Leeds is back in the Premier League, so it's time for neutrals to party

Actually, you know what? That headline might be misleading. When it comes to Leeds United, there’s really no such thing as “neutrals.”

Most teams despise them, and they despise most teams. They’re rivals with basically everybody. That’s why some of us love them.

Does that make sense? It will next season, when Leeds will return to the Premier League for the first time since 2004 by virtue of winning the second-tier Championship this season. That title was clinched Friday when second-place West Brom lost to Huddersfield and rendered Leeds mathematically uncatchable atop the table.

Leeds hasn’t been in the Premier League since literally inventing the euphemism for catastrophic financial mismanagement in soccer in the early 21st century. Former chairman Peter Ridsdale spearheaded the implosion with hellacious hubris, borrowing $75 million against Champions League berths (and the accompanying cash floods) Leeds hadn’t actually secured yet. The club was very good back then, finishing top-four three consecutive seasons and reaching the Champions League semifinals in 2001, so it seemed like a defensible bet.

Problem was, it’s not defensible business. Ridsdale’s recklessness, for which he’s never acknowledged much fault, sowed disaster after the 2001-02 campaign, when Leeds finished fifth. Without the Champions League money to help repay the debts, Leeds started selling star players like Rio Ferdinand and Robbie Keane and its annual debts ballooned to as high as nearly $150 million, kickstarting a skid all the way to relegation by May 2004.

Leeds supporters partied outside Elland Road on Friday night after their club clinched promotion to the Premier League. (Photo by Nick Potts/PA Images via Getty Images)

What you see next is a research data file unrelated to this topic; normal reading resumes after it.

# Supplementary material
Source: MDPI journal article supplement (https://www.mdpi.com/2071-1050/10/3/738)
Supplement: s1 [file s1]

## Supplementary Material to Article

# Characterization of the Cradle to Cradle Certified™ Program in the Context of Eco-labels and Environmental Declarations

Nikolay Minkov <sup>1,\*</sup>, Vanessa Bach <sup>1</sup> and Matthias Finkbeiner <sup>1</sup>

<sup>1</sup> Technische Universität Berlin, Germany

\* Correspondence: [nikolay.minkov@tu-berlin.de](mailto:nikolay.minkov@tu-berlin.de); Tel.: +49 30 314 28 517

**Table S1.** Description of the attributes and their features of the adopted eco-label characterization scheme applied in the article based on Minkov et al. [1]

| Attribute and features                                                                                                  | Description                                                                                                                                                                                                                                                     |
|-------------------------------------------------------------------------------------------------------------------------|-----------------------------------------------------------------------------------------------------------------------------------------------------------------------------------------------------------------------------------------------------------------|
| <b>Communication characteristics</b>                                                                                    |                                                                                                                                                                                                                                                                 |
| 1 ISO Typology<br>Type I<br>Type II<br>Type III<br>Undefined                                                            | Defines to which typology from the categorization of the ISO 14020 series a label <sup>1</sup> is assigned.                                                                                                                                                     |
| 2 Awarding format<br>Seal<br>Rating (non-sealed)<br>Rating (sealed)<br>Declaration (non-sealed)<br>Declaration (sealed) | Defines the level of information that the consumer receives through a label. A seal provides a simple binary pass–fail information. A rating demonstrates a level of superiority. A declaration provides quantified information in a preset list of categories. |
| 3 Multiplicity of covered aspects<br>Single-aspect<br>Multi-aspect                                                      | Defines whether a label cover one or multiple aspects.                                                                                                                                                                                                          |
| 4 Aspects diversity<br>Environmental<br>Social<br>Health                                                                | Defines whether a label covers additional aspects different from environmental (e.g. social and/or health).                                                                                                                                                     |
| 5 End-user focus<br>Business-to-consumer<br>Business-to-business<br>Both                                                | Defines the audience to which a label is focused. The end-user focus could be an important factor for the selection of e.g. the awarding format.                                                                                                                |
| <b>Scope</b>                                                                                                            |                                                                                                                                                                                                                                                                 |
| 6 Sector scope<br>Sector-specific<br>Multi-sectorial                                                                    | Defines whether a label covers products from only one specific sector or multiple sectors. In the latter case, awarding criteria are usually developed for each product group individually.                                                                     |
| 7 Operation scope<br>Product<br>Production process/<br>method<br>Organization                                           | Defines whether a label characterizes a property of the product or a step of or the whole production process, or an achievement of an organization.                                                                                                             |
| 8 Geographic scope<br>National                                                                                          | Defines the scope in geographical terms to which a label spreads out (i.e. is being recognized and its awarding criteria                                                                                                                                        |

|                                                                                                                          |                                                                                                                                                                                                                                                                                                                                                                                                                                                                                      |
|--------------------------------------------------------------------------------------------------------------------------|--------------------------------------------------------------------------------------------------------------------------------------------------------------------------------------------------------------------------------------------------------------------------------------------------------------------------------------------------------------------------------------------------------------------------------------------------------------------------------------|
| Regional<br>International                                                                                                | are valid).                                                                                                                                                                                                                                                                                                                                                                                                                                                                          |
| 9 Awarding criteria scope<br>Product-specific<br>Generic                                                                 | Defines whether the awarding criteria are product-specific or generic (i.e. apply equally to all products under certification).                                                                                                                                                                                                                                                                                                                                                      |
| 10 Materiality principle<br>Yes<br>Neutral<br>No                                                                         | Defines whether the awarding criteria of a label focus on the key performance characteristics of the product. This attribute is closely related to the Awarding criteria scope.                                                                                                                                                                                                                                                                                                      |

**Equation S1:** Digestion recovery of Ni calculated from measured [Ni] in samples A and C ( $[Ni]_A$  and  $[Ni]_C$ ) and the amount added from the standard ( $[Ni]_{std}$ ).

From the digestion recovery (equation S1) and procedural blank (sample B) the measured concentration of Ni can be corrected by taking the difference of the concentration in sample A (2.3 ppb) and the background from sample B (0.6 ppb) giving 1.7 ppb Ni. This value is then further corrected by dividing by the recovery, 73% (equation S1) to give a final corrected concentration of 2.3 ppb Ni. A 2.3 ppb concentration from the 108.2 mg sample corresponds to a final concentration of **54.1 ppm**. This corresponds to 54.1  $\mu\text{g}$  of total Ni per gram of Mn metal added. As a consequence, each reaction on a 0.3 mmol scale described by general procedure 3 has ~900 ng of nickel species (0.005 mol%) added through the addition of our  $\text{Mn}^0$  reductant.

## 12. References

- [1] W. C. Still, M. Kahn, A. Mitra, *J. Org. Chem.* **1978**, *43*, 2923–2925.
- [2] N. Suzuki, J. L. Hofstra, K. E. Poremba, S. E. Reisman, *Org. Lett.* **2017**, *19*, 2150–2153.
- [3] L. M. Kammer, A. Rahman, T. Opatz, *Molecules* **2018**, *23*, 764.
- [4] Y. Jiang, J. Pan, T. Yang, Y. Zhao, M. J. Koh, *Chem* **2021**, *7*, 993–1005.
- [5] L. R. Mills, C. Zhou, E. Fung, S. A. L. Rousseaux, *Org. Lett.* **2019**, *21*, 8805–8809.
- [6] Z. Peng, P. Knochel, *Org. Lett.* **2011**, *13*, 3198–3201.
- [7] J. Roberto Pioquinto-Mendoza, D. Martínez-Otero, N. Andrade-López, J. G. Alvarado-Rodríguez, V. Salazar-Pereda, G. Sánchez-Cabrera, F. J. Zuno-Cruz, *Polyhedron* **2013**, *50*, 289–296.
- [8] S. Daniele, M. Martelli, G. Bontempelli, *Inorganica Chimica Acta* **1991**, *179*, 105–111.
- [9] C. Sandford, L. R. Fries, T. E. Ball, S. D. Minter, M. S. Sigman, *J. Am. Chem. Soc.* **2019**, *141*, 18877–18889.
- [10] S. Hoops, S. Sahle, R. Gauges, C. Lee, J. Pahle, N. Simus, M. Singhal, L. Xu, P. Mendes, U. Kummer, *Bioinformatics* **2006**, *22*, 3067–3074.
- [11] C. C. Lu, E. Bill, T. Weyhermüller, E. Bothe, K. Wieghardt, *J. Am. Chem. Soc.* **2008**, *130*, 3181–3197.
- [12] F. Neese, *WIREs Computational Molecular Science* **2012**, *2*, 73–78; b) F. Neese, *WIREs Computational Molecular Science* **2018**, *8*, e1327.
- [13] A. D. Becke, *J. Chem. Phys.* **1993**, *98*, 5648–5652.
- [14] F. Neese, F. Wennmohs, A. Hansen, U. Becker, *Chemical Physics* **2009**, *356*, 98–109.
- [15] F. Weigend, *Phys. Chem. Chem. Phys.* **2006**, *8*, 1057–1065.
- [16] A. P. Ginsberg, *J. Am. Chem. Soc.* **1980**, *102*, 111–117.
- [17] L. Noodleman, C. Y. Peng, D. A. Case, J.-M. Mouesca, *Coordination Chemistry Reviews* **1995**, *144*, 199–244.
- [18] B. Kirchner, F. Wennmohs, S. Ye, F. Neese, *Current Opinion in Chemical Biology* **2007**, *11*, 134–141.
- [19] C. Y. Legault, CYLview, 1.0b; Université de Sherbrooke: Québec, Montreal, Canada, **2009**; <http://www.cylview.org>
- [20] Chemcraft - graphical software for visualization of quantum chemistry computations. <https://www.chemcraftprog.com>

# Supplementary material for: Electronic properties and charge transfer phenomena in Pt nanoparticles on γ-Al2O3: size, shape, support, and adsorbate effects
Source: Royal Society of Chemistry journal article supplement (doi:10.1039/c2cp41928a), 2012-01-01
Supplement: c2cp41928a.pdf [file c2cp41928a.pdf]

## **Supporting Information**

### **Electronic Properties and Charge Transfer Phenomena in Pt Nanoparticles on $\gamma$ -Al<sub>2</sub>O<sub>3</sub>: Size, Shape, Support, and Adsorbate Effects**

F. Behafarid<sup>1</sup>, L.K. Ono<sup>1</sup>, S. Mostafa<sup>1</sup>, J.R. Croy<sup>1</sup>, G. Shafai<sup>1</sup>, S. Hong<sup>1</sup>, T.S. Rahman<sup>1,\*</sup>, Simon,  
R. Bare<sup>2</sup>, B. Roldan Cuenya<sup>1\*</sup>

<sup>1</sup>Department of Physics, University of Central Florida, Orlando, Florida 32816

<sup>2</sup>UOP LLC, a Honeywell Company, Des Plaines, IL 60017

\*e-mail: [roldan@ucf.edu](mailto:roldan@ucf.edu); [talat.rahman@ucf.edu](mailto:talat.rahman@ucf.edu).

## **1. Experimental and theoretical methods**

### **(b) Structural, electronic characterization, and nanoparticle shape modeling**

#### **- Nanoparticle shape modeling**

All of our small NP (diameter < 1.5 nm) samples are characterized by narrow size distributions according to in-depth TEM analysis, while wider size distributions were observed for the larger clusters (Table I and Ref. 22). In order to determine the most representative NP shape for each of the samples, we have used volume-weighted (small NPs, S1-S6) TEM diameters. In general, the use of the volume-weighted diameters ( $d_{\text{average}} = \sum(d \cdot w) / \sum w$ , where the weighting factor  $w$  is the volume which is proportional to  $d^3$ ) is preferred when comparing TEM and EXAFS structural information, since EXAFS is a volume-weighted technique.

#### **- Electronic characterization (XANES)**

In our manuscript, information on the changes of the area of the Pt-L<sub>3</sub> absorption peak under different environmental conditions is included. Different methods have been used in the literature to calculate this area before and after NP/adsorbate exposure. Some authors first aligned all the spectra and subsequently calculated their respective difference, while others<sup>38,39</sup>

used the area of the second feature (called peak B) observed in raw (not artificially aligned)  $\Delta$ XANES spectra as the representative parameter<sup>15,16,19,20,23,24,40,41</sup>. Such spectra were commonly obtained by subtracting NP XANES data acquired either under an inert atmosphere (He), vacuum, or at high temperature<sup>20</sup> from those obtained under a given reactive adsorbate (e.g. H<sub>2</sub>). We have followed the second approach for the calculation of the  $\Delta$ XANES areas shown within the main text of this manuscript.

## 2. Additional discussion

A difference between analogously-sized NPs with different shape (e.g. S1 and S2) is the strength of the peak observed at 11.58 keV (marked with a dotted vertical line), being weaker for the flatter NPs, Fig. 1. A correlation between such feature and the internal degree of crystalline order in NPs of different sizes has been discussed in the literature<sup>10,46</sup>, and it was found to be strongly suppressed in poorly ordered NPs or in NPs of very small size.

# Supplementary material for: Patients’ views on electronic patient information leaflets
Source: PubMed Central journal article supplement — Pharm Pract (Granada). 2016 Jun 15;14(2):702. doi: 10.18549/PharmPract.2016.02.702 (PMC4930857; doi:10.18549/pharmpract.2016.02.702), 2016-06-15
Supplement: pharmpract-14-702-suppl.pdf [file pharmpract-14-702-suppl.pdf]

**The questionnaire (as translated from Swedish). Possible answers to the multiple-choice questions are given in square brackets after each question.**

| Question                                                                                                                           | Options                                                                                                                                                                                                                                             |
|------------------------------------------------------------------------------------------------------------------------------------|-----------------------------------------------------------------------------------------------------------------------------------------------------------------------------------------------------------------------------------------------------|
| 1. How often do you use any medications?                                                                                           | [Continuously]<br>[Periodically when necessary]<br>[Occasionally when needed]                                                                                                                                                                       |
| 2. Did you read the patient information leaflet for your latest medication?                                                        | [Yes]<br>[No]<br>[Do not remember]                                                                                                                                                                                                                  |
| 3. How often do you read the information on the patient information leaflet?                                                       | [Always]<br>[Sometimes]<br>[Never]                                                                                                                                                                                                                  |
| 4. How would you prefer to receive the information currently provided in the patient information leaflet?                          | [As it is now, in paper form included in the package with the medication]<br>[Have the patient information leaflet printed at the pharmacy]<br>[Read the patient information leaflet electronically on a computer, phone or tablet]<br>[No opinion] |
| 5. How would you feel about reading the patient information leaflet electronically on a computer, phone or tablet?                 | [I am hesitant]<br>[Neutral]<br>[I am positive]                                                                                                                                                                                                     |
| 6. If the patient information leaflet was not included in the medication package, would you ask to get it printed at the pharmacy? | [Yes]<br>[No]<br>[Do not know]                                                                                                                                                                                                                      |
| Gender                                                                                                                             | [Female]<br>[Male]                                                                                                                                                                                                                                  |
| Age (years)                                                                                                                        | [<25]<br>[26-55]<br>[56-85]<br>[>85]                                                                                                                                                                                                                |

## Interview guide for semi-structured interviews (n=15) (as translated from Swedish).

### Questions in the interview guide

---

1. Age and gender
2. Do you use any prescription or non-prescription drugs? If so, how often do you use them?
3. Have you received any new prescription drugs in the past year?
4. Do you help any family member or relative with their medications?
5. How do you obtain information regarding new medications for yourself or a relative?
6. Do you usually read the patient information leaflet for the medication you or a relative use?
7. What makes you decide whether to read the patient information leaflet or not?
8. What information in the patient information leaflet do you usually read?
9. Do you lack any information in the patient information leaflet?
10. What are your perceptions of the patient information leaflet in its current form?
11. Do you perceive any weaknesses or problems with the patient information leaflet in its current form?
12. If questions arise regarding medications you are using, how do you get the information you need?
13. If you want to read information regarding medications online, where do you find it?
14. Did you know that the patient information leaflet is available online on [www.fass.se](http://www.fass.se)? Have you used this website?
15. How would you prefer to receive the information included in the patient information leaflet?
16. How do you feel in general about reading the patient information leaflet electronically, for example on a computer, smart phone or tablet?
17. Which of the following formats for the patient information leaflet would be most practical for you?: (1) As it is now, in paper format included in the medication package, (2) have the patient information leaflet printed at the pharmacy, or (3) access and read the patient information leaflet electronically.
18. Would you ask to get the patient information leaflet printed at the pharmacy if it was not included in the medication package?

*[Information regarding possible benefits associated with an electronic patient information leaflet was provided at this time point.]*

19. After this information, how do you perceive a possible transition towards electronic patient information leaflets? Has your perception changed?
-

Leeds supporters partied outside Elland Road on Friday night after their club clinched promotion to the Premier League. (Photo by Nick Potts/PA Images via Getty Images)

It got worse from there. Leeds couldn’t get its finances together and entered administration (similar to bankruptcy in the United States) where it plunged into third-tier League One as a result of a 10-point penalty, escaping expulsion from the Football League (aka the second through fourth divisions) by the skin of its teeth.

Despite more years of ownership drama, Leeds has finally stabilized under Andrea Radrizzani, and now they’re heading back to the Premier League. And they’re not coming back quietly.

Manager Marcelo Bielsa — who once gave us soccer’s answer to the NFL’s Spygate controversy — has put together a roughhouse squad that presses with a controlled fury and runs deep with prospective goal scorers in any given match. That will work better in the stodgy, physical Championship than in the more open Premier League, but it also means Leeds will be spoiling for fights wherever they go.

They’ll definitely find them. Leeds has the Roses rivalry with local enemy Manchester United, which produced some absolutely scintillating clashes in the 1990s. They’ll have two West Yorkshire derbies in the Premier League against burgeoning Sheffield United. This club has spent decades as a disciplinary desperado. Whatever fan base you survey, there will likely be a healthy animus for Leeds.

If you’re far enough removed from it, it will make for some supremely entertaining matches. The lack of fans will sap some enthusiasm, especially with Elland Road being one of the game’s better atmospheres, but again, that’s where Leeds’ style and Bielsa’s abrasiveness will come in. Imagine him getting in the face of Jose Mourinho during a match, or Leeds trying to take their wrecking ball head-to-head with Jurgen Klopp’s Liverpool.

No team as accomplished as Leeds has spent so much time outside the top flight, at least not in the Premier League era. From the mid-1960s to the early 1990s, Leeds won the top flight three times, including the old English First Division the last season before the advent of the EPL, as well as an FA Cup and a League Cup, with nine runner-up finishes between the three competitions during that stretch, too.

Basically, soccer fans can’t lose here. You can feel however you want about Leeds. You can hate them for their past insolvency. You can loathe the outspokenness of their fans and manager. You can feel good that a member of English soccer’s old guard is back in the sunshine. You can feel good about a bunch of players and coaches who had nothing to do with past troubles firing their way back up to the Premier League.

Welcome back, Leeds. We missed you. Well, some of us.

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